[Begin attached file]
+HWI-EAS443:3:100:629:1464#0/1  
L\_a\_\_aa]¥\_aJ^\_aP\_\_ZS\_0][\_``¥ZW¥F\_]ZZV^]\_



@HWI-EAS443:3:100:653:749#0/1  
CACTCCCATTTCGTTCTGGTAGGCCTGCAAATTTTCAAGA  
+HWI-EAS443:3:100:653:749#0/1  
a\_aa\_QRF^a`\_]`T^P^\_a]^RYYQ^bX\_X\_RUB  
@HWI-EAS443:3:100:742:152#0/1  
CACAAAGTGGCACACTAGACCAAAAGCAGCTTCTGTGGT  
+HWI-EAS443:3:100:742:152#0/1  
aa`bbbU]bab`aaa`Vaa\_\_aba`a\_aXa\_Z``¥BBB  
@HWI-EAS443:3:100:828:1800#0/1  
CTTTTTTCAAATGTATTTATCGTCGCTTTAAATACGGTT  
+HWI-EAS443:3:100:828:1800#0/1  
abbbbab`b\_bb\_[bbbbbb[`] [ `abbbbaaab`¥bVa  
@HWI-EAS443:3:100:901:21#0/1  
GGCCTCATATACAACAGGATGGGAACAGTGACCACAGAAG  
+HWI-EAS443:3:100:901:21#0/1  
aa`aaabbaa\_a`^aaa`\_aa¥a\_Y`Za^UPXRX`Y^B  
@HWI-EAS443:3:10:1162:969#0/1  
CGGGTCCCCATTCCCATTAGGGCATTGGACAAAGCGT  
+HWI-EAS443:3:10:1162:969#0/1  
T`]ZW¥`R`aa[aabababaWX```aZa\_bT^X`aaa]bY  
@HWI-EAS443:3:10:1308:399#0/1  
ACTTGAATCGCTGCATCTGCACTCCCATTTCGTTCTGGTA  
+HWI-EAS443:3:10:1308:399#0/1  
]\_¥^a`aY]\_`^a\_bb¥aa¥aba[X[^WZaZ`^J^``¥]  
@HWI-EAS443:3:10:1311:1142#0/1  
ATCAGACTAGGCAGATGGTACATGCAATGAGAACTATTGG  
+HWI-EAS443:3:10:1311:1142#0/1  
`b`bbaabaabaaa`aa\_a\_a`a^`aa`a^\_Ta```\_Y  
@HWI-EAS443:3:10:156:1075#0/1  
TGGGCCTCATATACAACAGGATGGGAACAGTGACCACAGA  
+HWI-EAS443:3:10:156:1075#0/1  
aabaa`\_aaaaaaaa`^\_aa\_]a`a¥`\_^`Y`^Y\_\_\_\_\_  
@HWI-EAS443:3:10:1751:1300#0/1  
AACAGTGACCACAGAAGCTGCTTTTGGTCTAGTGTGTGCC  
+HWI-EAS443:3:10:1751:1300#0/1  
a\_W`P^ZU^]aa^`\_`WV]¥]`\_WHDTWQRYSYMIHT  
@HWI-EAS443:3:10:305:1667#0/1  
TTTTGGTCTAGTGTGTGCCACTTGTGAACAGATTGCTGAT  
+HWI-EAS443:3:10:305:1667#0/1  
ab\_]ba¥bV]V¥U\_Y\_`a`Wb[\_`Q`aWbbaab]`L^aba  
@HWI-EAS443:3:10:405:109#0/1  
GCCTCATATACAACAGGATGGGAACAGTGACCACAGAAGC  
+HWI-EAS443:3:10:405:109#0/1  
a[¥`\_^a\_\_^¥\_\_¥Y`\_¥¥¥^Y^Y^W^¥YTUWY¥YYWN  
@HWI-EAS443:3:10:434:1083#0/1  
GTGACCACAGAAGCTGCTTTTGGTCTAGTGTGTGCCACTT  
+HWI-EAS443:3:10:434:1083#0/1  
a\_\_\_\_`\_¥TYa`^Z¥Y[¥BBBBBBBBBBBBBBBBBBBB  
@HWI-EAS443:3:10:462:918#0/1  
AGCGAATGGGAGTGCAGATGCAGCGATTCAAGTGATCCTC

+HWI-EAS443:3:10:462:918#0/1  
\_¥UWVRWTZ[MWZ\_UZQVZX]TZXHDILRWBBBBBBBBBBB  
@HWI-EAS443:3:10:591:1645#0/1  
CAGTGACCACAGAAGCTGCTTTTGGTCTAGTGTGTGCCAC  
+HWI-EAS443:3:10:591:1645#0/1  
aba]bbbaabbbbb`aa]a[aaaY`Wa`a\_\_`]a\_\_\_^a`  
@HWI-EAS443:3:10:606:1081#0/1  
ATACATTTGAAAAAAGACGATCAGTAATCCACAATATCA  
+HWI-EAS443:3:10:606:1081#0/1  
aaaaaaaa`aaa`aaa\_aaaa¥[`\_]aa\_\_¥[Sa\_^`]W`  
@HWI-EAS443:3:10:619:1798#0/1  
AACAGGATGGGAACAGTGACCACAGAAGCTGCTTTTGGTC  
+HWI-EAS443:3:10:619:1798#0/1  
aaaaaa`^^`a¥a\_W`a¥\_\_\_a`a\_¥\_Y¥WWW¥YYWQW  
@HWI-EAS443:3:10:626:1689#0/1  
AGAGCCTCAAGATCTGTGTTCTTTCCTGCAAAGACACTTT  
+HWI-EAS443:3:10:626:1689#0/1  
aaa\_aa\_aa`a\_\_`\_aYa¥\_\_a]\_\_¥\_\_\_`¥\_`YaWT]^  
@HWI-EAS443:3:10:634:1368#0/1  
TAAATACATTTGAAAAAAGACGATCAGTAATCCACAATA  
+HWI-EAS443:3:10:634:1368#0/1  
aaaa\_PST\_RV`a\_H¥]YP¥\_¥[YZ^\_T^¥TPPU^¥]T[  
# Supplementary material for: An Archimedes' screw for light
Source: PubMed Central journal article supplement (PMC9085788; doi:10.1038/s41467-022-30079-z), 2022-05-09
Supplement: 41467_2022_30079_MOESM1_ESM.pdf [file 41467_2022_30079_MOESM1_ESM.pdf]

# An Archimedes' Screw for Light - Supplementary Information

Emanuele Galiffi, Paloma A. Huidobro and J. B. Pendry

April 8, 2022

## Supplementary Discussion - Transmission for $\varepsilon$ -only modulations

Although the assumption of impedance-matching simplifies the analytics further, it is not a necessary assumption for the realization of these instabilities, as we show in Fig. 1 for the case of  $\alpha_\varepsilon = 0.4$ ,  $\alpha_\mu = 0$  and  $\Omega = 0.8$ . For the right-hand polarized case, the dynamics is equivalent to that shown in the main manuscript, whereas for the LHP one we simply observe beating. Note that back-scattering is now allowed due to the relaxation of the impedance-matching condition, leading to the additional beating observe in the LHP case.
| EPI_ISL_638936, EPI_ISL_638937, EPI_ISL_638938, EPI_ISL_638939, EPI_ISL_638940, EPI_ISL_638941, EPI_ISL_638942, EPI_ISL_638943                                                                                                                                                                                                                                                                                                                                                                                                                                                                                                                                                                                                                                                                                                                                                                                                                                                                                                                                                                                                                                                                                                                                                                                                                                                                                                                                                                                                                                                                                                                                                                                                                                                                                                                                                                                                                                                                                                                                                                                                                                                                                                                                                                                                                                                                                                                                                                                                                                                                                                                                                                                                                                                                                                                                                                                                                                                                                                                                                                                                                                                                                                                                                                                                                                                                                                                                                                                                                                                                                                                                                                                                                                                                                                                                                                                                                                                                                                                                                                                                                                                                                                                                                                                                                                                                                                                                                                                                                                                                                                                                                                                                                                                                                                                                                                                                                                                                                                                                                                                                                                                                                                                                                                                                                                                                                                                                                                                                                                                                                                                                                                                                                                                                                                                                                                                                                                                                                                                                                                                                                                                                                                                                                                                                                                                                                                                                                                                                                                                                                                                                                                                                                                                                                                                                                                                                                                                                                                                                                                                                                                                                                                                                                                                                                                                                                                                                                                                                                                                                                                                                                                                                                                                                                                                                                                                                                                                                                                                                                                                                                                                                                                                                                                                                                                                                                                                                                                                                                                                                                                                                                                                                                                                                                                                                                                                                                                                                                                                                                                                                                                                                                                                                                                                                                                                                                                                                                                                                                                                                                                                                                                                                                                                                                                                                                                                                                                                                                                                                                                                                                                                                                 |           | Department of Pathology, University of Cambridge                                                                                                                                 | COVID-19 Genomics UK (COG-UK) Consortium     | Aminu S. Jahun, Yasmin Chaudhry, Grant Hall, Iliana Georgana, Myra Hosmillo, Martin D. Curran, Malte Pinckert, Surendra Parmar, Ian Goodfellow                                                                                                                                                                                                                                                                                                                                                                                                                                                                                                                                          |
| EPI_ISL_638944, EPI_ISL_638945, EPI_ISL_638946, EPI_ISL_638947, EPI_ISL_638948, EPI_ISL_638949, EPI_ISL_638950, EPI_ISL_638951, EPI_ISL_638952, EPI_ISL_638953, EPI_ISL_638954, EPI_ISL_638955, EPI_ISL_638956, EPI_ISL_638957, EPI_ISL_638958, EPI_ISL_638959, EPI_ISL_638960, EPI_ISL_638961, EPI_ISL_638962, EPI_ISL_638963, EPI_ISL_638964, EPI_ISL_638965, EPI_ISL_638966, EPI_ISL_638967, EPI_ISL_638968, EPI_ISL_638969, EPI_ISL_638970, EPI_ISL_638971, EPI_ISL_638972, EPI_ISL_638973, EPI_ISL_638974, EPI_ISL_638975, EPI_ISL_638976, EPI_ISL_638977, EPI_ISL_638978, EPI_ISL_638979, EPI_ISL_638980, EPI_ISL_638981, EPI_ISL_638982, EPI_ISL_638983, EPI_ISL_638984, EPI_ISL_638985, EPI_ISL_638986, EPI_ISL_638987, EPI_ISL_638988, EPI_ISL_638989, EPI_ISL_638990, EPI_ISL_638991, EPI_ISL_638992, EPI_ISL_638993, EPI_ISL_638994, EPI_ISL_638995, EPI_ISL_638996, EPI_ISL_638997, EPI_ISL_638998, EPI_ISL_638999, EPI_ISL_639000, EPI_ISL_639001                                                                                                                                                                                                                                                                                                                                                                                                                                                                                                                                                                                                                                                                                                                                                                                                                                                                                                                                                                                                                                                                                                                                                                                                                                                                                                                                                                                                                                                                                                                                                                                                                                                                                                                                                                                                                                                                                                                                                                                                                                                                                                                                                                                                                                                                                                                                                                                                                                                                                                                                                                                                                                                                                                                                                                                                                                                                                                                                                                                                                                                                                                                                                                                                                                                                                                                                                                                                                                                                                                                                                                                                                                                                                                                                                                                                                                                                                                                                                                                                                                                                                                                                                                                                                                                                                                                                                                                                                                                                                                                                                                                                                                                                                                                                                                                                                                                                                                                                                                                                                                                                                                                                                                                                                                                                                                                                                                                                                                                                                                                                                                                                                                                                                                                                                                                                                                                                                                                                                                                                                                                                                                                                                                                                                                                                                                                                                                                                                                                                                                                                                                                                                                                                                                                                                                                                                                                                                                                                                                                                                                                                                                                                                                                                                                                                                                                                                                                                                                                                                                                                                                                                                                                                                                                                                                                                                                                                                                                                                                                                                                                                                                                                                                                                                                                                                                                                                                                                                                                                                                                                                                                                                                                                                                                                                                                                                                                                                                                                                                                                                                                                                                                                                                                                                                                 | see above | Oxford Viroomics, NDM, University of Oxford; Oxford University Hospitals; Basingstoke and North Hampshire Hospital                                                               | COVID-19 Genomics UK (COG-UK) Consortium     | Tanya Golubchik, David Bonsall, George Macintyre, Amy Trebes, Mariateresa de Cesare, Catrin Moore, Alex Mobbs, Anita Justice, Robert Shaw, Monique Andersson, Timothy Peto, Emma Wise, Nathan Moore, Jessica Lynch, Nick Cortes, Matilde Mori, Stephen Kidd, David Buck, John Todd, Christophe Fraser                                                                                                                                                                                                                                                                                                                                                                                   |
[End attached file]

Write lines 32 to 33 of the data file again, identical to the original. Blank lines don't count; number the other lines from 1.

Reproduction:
TGGGCCTCATATACAACAGGATGGGAACAGTGACCACAGA  
+HWI-EAS443:3:10:156:1075#0/1  